The practice of solitary confinement has been utilized by the American penitentiary system since its inception. The deleterious health and mental health consequences stemming from this type of correctional practice have led several clinical researchers and legal advocates to call for solitary confinement’s abolition based on constitutional prohibitions against cruel and unusual punishment. However, the U.S. Supreme Court has not found that the conditions of isolative confinement establish a legal threshold sufficient to legitimate such a ban. In fact, Justice A. Scalia famously argued that although it may be true that solitary confinement is cruel, it is certainly not unusual and is therefore not prohibited by the Constitution. This judicial attitude coincides with the more general proclivity of the Court, which has articulated a position against becoming overly involved in the administration of American penitentiaries. If it is true that the Constitution does not stop at the jail house door, then how do we make sense of the U.S. Supreme Court’s position on solitary confinement?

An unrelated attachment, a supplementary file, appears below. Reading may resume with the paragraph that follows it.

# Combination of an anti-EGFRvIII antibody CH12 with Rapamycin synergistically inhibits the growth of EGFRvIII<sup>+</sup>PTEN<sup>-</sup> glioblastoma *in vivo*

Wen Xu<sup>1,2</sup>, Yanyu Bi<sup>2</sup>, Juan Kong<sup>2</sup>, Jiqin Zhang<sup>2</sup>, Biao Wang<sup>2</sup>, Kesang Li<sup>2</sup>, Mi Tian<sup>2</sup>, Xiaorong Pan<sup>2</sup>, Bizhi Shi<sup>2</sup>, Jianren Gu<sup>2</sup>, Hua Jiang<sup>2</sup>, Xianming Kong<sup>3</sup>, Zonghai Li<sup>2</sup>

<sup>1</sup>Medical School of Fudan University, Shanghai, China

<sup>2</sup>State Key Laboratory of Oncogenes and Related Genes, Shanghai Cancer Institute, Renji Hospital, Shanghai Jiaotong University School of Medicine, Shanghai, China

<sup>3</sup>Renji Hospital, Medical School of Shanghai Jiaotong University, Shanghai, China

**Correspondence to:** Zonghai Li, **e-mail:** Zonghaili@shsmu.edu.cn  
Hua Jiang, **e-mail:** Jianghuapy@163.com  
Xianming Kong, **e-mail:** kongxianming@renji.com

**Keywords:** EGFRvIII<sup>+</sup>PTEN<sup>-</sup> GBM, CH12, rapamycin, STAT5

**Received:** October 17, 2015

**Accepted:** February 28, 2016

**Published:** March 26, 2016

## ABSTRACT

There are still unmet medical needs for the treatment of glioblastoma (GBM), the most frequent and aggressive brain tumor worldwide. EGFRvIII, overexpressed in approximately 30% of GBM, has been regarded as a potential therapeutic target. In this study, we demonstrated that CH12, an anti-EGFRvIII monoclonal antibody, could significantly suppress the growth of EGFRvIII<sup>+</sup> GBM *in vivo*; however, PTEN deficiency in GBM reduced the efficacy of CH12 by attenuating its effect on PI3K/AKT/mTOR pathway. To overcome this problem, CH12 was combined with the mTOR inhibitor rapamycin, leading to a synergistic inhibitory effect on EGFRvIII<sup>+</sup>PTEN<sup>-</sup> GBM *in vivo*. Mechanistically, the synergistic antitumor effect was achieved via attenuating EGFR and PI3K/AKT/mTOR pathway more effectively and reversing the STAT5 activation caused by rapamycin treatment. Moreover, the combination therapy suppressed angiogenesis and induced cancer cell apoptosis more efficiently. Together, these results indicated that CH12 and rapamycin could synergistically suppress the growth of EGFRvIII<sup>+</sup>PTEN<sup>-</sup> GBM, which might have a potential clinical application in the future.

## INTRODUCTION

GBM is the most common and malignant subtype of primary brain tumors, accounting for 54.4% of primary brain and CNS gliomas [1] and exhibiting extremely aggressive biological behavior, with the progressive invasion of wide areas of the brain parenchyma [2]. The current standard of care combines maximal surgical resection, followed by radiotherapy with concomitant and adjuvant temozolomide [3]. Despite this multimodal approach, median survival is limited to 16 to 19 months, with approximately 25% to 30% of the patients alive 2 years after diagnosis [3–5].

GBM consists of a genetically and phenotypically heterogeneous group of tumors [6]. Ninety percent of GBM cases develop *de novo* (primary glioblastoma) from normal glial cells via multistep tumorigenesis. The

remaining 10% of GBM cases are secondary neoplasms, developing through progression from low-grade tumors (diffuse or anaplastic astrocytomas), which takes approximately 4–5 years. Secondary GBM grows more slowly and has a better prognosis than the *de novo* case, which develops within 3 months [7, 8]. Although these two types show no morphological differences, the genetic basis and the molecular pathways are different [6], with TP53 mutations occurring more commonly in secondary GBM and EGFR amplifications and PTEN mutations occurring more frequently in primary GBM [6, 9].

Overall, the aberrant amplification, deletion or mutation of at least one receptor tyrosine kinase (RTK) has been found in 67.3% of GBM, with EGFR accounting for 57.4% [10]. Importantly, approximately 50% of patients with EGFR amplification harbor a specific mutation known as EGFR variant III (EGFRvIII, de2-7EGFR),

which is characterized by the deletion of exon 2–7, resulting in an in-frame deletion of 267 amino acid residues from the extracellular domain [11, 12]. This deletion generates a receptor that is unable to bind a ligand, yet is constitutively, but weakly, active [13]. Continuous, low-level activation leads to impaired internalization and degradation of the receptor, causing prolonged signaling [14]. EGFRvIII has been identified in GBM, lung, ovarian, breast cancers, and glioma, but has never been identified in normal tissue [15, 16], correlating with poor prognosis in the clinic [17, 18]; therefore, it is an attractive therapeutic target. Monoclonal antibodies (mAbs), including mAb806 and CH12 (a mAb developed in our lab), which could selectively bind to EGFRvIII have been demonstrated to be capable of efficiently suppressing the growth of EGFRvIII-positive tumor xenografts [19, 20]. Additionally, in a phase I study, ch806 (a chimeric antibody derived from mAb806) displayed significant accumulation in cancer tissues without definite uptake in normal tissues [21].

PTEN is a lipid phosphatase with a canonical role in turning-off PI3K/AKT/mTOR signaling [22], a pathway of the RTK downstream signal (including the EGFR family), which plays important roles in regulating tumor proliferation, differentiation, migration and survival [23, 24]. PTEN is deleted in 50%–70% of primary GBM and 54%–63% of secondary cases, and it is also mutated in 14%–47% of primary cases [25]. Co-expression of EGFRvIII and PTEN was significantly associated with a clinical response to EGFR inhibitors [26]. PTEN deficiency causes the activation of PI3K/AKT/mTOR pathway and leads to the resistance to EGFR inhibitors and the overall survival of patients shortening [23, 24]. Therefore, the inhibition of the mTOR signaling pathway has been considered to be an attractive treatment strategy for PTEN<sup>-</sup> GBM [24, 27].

In this article, we explain how solitary confinement reflects the blurring of the legal and the political (a state of exception), and we describe how the Court’s cruel-but-not-unusual justification sustains what Agamben has called a zone of indifference. As we demonstrate, the legal arguments offered by the Court simply reflect the institutionalization of this process. This process reveals the narrative construction of captivity’s laws at the level of U.S. Supreme Court decision making. These laws endorse the ideology of rationalized retribution.

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